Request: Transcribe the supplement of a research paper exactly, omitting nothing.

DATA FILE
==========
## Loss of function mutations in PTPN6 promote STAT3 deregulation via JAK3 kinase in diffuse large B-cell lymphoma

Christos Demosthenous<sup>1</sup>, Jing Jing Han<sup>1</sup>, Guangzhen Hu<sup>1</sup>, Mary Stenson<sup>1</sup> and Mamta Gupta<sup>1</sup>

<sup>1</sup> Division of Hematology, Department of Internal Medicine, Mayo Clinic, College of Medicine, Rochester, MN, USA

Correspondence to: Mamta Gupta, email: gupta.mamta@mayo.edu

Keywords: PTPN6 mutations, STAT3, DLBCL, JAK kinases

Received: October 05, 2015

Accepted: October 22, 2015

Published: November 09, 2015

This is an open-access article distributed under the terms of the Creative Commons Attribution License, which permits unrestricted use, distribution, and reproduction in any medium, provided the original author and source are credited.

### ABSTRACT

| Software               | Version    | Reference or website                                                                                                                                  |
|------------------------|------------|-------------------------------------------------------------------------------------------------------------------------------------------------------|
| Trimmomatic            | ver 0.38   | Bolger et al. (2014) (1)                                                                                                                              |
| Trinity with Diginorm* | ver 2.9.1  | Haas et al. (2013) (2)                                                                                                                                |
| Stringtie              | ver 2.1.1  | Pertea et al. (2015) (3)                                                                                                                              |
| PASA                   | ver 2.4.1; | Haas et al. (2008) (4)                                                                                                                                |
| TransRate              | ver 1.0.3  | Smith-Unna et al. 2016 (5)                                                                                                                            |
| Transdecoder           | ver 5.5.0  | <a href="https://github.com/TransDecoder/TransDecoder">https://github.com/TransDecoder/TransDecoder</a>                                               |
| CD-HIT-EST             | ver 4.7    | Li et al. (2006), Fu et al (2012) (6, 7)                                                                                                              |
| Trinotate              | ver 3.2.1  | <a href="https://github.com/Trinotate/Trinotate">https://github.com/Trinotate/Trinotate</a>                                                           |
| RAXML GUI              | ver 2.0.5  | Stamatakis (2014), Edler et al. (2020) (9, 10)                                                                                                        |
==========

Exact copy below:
## Loss of function mutations in PTPN6 promote STAT3 deregulation via JAK3 kinase in diffuse large B-cell lymphoma

Christos Demosthenous<sup>1</sup>, Jing Jing Han<sup>1</sup>, Guangzhen Hu<sup>1</sup>, Mary Stenson<sup>1</sup> and Mamta Gupta<sup>1</sup>

<sup>1</sup> Division of Hematology, Department of Internal Medicine, Mayo Clinic, College of Medicine, Rochester, MN, USA

Correspondence to: Mamta Gupta, email: gupta.mamta@mayo.edu

Keywords: PTPN6 mutations, STAT3, DLBCL, JAK kinases

Received: October 05, 2015

Accepted: October 22, 2015

Published: November 09, 2015

This is an open-access article distributed under the terms of the Creative Commons Attribution License, which permits unrestricted use, distribution, and reproduction in any medium, provided the original author and source are credited.

### ABSTRACT

| Software               | Version    | Reference or website                                                                                                                                  |
|------------------------|------------|-------------------------------------------------------------------------------------------------------------------------------------------------------|
| Trimmomatic            | ver 0.38   | Bolger et al. (2014) (1)                                                                                                                              |
| Trinity with Diginorm* | ver 2.9.1  | Haas et al. (2013) (2)                                                                                                                                |
| Stringtie              | ver 2.1.1  | Pertea et al. (2015) (3)                                                                                                                              |
| PASA                   | ver 2.4.1; | Haas et al. (2008) (4)                                                                                                                                |
| TransRate              | ver 1.0.3  | Smith-Unna et al. 2016 (5)                                                                                                                            |
| Transdecoder           | ver 5.5.0  | <a href="https://github.com/TransDecoder/TransDecoder">https://github.com/TransDecoder/TransDecoder</a>                                               |
| CD-HIT-EST             | ver 4.7    | Li et al. (2006), Fu et al (2012) (6, 7)                                                                                                              |
| Trinotate              | ver 3.2.1  | <a href="https://github.com/Trinotate/Trinotate">https://github.com/Trinotate/Trinotate</a>                                                           |
| RAXML GUI              | ver 2.0.5  | Stamatakis (2014), Edler et al. (2020) (9, 10)                                                                                                        |